There’s a great article by The New York Times on suicide on Campus and the pressure of perfection, highlighting how much psychological pressure is put on students in these top universities.

I knew a girl from Iran who got into an Ivy League school as an international applicant, and she definitely corroborated these type of claims.

She talked about how the workload was overwhelming and how most kids were so relentless in their pursuit for perfection, that a simple B on a test could take them on a negative spiral towards depression. While some dealt with it correctly by seeking help and therapy, others lost their way completely…

In short, Ivy League universities are great but there are plenty of other GREAT universities and colleges out there.

Don’t get me wrong, it’s true that Ivy League universities have more recognized professors in different fields and that their networking hubs are much stronger than other universities, but that is just one end of the spectrum. There is a lot more to Ivy Leagues than meets the eye, and this piece just scratches the surface.

What I’m trying to say is that don’t be fixated on these colleges. They’re great if you get in, but you can be successful without them.

After all, even if you end up going to a college ranked #100 in the USA, you’re college is still better than 97.5% of the 4,100+ colleges in the country!

Check out my site for more related stuff!
And my book


The “Oily” economic mess – What happened? (Broken down in 650 words)

“The price has gone down AGAIN?”
“What in the WORLD is happening to oil?”
“I’m really intrigued but can’t be bothered to sit down and watch an hour’s worth of current affairs”

Do any of the above sound like you?

If so, then fear not inquisitive warrior, for I shall explain this economic crisis in the most concise and simplest of terms. After the next 15 minutes (or less, depending on your reading speed), I hope you’ll have a better understanding of what on earth happened to the price of oil.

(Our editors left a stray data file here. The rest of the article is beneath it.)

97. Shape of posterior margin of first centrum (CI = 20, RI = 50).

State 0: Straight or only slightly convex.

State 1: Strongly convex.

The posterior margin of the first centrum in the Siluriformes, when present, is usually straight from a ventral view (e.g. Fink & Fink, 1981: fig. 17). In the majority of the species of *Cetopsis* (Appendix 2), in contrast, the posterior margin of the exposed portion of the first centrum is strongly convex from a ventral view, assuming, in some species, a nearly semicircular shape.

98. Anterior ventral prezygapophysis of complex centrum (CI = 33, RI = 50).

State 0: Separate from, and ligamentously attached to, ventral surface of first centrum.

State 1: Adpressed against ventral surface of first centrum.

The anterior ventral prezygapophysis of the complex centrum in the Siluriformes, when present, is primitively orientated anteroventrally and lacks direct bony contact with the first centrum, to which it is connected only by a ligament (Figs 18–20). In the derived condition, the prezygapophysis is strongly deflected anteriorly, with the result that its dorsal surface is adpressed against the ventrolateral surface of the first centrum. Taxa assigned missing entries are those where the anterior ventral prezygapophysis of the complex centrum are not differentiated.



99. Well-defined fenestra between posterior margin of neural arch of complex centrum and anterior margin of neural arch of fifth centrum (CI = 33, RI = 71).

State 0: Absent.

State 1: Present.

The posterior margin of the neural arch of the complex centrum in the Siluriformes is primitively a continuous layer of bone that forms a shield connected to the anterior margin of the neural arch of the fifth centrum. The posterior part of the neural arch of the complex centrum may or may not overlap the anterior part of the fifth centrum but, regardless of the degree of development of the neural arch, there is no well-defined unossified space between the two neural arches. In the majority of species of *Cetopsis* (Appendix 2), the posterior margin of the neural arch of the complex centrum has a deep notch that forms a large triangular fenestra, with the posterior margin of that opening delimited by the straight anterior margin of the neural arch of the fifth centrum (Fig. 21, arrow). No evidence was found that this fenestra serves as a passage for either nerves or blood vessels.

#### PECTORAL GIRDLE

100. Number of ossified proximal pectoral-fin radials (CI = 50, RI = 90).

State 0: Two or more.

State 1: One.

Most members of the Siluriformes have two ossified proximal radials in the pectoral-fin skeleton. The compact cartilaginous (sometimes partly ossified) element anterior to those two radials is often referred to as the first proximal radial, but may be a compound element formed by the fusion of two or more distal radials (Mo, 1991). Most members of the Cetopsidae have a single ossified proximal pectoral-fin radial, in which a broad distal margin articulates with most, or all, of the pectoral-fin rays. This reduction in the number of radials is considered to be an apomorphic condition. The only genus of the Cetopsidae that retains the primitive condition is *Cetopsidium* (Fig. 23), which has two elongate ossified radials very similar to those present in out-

• Iran Sanctions

Unless you’ve been living in a cave for the better part of 2015, you’d know that Iran’s sanctions have been lifted.

“Okay, so what Sully?”

Well, Iran is home to the second largest oil reserve in the Middle East (Fourth largest in the world). This means that there are now 3 million extra barrels of oil per day in the market, forecasted to possibly grow to almost 4 million barrels per day by January 2017.

  • Shale Oil

It’s pretty well known by now that the US has a significant interest in the oil market, and it has maintained this interest for the last couple of decades or so, as shown by various shale oil companies emerging and starting to produce “Shale Oil”(A substitute for crude oil extracted from sedimentary rocks)

If you know a little bit of economics, you’ll know that if the price of a substitute good for a product goes down, the price of that particular product goes down as well.

For example, let’s say hypothetically, if you have Car A which is very unique, very important, and has little to no mainstream substitutes. It sells for a high price for a very long time.
Then, along comes Car B with the exact same features, but only cheaper. Logically, all the consumers flock to Car B as it does the exact same job for a lower price.

Car A is Crude oil in this scenario, while Car B is representative of Shale Oil. (Both are known as substitute goods)

Now, if you know even a bit of Econ 101, you’ll know that if the price of a good goes down, the price of its substitute also inevitably goes down, as the latter starts losing sales to its now lower priced substitute.

This is exactly what has happened with Crude Oil. As Shale came in with a cheaper substitute for Crude Oil, the world’s largest Oil consumer, the United States, recorded trends of people switching from traditional crude oil to home-grown shale oil. This inevitably led to a fall in the price of crude oil.

  • Little to no increase in demand

With Shale Oil and Iran’s Crude oil entering the market, the demand of the oil market is still, more or less, the same. People aren’t suddenly demanding millions and millions of extra oil barrels in their daily lives. That type of change would take years, perhaps even decades. So, once again, basic economics tells us that when supply increases in a market with stagnating demand, the price plummets. (Displayed below)


Even China, the world’s second largest oil consumer, is curbing its demand of oil as it predicts it’s economic growth to start diminishing. Moreover, tighter restrictions by the Chinese government on oil consumption will further reduce oil demand, as the government looks to reducing the infamously bad air pollution of China.